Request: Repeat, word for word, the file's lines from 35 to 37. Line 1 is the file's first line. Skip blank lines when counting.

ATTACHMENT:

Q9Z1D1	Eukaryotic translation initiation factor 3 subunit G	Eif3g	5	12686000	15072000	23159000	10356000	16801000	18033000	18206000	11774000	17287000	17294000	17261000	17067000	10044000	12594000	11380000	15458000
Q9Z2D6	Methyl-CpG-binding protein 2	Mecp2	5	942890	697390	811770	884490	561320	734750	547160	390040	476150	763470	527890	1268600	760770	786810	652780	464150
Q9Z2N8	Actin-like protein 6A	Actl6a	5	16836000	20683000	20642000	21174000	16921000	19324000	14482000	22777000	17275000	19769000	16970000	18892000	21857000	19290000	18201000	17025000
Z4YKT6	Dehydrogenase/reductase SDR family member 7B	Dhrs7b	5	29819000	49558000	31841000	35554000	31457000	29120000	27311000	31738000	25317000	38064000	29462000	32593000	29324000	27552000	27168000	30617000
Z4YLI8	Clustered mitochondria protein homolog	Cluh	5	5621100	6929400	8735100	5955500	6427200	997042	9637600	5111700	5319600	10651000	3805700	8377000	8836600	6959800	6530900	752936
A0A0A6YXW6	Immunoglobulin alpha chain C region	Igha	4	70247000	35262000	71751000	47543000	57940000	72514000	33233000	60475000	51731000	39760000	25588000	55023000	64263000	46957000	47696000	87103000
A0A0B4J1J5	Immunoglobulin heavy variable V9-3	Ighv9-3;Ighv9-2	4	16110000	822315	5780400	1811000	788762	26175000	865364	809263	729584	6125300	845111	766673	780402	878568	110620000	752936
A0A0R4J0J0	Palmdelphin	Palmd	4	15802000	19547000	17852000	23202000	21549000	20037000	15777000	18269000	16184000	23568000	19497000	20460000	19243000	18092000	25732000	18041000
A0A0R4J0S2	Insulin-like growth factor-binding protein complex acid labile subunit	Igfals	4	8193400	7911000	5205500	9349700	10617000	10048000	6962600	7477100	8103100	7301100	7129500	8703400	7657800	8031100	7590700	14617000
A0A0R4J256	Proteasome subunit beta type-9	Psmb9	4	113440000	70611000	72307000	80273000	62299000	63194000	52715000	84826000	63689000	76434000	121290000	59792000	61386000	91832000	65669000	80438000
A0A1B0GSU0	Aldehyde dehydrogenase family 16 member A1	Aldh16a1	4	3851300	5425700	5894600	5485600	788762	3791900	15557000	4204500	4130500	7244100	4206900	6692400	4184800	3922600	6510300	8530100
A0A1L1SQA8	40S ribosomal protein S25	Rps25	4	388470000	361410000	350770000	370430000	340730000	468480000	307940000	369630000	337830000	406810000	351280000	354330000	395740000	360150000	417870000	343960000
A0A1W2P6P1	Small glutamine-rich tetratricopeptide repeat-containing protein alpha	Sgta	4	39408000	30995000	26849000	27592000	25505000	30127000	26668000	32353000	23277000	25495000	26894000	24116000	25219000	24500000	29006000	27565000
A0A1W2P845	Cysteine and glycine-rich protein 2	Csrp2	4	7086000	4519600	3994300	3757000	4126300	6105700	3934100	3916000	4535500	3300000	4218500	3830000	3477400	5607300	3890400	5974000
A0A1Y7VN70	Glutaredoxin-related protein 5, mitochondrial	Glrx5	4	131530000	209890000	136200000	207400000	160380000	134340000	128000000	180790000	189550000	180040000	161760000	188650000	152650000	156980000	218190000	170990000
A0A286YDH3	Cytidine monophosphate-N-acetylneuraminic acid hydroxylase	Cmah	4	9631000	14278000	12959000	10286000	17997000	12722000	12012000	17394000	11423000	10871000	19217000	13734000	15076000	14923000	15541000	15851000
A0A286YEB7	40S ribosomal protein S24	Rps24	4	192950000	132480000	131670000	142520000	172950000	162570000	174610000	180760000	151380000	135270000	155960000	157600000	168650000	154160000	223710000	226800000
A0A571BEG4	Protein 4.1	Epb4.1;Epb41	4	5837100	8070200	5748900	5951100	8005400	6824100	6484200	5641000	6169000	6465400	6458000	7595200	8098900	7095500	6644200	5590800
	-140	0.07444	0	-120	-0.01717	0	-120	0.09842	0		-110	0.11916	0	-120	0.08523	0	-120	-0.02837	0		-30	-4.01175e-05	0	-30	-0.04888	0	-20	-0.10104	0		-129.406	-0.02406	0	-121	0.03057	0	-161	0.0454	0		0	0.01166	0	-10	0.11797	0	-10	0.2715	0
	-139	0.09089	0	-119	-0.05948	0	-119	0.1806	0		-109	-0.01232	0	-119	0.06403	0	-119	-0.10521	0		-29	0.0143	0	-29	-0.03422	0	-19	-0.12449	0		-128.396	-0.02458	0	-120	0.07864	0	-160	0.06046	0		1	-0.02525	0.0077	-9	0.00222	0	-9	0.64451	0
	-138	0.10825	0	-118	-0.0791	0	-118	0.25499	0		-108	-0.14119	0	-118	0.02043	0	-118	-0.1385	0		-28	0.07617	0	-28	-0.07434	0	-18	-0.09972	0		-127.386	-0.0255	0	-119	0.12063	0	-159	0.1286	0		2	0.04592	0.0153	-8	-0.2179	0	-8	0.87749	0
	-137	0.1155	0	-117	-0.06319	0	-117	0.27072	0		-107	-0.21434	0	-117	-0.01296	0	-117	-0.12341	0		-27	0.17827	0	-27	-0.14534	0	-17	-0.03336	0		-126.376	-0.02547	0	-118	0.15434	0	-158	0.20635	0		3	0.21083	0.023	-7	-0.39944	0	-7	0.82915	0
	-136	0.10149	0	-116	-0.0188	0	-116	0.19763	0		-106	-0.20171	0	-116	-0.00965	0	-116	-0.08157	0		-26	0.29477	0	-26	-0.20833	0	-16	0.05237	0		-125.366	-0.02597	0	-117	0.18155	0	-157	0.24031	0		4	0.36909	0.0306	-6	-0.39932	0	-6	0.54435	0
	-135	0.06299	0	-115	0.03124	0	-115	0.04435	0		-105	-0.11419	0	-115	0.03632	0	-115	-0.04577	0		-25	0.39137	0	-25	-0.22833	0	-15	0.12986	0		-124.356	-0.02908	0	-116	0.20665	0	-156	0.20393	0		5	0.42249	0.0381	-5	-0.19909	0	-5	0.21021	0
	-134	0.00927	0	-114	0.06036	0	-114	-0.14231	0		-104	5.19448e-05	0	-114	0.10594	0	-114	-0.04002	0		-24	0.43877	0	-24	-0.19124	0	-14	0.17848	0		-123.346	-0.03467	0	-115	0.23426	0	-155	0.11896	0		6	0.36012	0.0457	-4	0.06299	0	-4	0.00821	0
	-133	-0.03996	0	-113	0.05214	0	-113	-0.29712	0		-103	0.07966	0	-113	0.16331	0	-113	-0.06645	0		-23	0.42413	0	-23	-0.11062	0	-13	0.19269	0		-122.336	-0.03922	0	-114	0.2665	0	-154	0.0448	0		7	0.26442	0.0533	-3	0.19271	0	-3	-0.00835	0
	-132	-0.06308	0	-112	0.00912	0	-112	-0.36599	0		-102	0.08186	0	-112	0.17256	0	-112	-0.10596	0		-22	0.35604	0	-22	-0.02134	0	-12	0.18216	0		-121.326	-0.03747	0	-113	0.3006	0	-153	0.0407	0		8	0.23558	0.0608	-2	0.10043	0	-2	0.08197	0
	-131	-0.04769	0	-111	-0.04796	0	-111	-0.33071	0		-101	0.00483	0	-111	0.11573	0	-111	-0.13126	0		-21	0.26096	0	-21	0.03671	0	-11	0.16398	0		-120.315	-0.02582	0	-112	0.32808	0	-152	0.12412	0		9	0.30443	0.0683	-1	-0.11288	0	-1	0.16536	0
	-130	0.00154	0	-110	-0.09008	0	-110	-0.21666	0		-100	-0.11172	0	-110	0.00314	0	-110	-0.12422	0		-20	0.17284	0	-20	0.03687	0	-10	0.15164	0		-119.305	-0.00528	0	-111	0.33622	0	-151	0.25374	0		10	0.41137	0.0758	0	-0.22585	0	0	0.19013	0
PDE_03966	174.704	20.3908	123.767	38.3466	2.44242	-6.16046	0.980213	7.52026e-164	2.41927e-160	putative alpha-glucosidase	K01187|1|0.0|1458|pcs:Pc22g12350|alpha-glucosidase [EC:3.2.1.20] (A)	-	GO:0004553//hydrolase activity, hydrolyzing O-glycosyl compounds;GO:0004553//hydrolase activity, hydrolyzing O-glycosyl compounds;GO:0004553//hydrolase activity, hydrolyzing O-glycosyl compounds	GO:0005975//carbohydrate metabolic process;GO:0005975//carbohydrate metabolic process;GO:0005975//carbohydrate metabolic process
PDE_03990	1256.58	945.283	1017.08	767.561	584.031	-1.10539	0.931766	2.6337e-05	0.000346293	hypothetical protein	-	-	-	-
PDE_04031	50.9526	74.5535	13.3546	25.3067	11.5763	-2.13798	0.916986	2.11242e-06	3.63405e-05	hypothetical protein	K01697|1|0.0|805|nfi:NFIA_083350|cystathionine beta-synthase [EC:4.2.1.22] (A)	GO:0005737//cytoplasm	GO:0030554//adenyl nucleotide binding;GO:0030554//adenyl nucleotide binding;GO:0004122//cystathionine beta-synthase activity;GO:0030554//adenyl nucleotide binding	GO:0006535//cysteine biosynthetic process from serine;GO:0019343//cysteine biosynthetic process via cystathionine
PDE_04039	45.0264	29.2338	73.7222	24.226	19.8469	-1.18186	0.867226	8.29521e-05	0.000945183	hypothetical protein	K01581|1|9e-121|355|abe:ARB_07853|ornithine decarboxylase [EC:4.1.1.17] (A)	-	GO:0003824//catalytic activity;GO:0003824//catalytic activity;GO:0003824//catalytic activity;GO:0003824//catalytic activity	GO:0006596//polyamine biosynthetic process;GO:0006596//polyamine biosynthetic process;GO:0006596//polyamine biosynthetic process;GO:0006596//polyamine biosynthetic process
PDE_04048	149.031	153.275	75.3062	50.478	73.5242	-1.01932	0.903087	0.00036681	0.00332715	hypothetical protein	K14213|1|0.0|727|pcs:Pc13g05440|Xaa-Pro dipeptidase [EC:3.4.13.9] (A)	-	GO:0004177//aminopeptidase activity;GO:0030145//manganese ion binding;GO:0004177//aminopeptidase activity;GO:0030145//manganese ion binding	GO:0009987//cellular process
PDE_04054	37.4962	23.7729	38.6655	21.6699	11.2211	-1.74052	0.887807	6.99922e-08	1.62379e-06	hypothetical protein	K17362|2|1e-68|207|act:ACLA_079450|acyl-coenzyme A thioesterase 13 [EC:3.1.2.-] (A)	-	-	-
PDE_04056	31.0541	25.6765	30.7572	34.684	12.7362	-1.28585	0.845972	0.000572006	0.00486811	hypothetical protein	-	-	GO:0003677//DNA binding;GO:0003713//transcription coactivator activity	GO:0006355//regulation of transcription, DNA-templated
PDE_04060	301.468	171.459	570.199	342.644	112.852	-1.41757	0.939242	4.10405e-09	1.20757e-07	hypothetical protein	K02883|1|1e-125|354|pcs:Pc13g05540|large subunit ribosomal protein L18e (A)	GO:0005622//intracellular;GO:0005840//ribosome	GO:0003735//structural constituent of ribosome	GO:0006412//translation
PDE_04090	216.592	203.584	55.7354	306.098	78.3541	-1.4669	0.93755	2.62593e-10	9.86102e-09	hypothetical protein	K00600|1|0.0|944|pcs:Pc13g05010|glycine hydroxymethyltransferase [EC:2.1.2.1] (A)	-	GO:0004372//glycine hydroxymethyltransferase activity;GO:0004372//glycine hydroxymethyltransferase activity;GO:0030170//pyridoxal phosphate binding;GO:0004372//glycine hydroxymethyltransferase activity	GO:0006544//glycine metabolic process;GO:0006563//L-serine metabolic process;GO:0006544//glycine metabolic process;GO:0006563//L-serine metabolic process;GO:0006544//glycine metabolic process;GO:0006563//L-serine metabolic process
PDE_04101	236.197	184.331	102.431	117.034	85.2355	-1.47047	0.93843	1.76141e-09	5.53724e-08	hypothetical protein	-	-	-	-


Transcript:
PDE_04054	37.4962	23.7729	38.6655	21.6699	11.2211	-1.74052	0.887807	6.99922e-08	1.62379e-06	hypothetical protein	K17362|2|1e-68|207|act:ACLA_079450|acyl-coenzyme A thioesterase 13 [EC:3.1.2.-] (A)	-	-	-
PDE_04056	31.0541	25.6765	30.7572	34.684	12.7362	-1.28585	0.845972	0.000572006	0.00486811	hypothetical protein	-	-	GO:0003677//DNA binding;GO:0003713//transcription coactivator activity	GO:0006355//regulation of transcription, DNA-templated
PDE_04060	301.468	171.459	570.199	342.644	112.852	-1.41757	0.939242	4.10405e-09	1.20757e-07	hypothetical protein	K02883|1|1e-125|354|pcs:Pc13g05540|large subunit ribosomal protein L18e (A)	GO:0005622//intracellular;GO:0005840//ribosome	GO:0003735//structural constituent of ribosome	GO:0006412//translation